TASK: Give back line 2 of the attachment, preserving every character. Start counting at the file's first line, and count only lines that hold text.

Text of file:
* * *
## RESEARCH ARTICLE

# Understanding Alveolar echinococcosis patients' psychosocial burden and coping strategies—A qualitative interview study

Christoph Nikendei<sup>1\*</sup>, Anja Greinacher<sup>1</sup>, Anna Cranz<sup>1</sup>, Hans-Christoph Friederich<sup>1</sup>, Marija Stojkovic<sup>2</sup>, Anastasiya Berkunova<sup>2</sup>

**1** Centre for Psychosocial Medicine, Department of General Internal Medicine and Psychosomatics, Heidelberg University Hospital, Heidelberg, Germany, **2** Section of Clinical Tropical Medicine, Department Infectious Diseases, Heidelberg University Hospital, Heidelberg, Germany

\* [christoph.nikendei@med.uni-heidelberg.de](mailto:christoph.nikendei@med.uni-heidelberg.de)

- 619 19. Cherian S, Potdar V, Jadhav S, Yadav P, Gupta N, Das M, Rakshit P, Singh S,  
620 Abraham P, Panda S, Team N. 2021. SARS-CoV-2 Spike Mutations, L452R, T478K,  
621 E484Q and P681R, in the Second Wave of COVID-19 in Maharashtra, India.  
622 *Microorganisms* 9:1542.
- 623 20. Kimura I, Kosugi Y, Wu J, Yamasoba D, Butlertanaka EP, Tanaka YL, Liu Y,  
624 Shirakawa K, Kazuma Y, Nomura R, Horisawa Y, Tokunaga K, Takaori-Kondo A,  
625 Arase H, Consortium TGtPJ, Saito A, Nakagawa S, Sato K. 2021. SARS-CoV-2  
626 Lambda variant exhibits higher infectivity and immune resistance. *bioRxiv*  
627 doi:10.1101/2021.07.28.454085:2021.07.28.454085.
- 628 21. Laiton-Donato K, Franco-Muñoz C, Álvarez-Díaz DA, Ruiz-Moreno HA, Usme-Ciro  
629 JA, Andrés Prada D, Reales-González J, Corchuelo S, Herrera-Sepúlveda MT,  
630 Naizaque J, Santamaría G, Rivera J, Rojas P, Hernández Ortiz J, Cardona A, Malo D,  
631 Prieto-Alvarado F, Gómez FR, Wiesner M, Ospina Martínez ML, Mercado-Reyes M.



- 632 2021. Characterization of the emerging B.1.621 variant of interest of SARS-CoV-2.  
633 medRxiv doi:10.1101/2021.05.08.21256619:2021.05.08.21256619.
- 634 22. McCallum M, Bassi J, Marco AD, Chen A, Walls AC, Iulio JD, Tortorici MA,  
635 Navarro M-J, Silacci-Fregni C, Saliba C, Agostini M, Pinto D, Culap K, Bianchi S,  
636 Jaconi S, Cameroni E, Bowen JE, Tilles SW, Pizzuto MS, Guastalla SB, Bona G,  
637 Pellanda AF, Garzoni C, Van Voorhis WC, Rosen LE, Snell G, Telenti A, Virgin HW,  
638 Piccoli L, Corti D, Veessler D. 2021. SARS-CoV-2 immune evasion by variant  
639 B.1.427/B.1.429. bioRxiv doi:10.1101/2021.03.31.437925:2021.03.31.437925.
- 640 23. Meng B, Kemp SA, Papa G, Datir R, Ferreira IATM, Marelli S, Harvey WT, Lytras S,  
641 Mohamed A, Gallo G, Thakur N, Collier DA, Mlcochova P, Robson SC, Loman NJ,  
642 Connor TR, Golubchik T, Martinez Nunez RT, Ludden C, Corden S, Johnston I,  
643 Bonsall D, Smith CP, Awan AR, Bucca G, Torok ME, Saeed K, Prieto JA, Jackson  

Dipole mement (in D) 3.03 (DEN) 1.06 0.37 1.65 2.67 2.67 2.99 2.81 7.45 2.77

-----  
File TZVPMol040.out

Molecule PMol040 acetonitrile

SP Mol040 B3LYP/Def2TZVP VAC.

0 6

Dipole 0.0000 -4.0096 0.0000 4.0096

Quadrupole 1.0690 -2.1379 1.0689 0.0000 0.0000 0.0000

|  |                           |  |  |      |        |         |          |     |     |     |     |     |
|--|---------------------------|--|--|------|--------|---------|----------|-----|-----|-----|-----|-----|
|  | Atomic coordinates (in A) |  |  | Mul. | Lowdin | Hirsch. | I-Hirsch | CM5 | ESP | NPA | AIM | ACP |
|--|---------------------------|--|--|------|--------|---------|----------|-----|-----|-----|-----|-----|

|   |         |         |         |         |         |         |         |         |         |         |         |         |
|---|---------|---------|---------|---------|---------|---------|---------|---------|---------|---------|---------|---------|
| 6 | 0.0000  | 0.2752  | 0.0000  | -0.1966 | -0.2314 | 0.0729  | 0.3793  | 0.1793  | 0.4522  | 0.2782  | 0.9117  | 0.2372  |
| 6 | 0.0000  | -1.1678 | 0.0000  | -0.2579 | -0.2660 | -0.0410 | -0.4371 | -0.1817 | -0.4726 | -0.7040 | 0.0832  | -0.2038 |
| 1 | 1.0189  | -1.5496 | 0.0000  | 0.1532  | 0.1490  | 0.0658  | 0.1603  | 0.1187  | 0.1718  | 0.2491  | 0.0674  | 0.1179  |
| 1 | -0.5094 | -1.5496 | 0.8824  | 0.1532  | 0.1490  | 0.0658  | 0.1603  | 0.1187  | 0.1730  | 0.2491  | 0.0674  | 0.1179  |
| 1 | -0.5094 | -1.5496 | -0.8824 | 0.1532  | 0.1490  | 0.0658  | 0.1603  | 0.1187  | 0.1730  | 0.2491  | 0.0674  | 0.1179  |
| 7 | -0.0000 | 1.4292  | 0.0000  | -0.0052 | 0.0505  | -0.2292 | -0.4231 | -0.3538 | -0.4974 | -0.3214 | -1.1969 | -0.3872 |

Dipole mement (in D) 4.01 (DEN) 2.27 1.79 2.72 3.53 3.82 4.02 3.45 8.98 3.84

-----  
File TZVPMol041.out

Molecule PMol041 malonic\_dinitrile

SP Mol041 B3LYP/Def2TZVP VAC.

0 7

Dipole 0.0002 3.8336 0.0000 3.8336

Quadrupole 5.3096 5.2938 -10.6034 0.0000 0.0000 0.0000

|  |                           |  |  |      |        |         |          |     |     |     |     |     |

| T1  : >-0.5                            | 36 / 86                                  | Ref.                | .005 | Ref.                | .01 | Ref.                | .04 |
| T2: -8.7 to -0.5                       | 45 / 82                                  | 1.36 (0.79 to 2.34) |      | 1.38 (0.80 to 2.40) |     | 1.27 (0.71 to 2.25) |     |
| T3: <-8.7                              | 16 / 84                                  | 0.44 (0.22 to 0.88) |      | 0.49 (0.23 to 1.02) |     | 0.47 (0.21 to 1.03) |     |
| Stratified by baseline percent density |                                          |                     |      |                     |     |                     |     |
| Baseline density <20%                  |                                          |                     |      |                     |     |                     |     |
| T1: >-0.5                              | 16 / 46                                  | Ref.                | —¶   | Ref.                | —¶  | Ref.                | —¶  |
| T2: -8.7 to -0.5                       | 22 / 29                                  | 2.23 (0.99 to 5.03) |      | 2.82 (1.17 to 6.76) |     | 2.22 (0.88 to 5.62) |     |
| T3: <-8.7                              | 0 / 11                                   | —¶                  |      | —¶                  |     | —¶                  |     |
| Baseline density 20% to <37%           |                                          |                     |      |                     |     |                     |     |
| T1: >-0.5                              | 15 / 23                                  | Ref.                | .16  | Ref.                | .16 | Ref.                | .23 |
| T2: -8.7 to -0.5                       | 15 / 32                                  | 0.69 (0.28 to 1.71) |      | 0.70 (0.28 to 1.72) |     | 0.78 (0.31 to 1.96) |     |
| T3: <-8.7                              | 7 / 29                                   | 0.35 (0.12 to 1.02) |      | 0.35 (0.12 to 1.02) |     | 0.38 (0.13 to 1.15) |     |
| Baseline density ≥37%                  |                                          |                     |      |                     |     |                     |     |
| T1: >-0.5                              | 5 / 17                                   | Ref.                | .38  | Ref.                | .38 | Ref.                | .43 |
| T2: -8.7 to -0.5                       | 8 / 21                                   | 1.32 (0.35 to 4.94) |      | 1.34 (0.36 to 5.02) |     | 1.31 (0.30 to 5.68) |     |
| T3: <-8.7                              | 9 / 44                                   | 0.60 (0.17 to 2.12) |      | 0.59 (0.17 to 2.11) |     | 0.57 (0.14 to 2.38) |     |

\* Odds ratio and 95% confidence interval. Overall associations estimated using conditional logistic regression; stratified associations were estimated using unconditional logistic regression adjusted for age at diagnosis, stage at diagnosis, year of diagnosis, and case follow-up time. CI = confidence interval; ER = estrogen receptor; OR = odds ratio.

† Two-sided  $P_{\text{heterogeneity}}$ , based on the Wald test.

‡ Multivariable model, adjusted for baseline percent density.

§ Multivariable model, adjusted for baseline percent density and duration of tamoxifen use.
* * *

# Understanding Alveolar echinococcosis patients' psychosocial burden and coping strategies—A qualitative interview study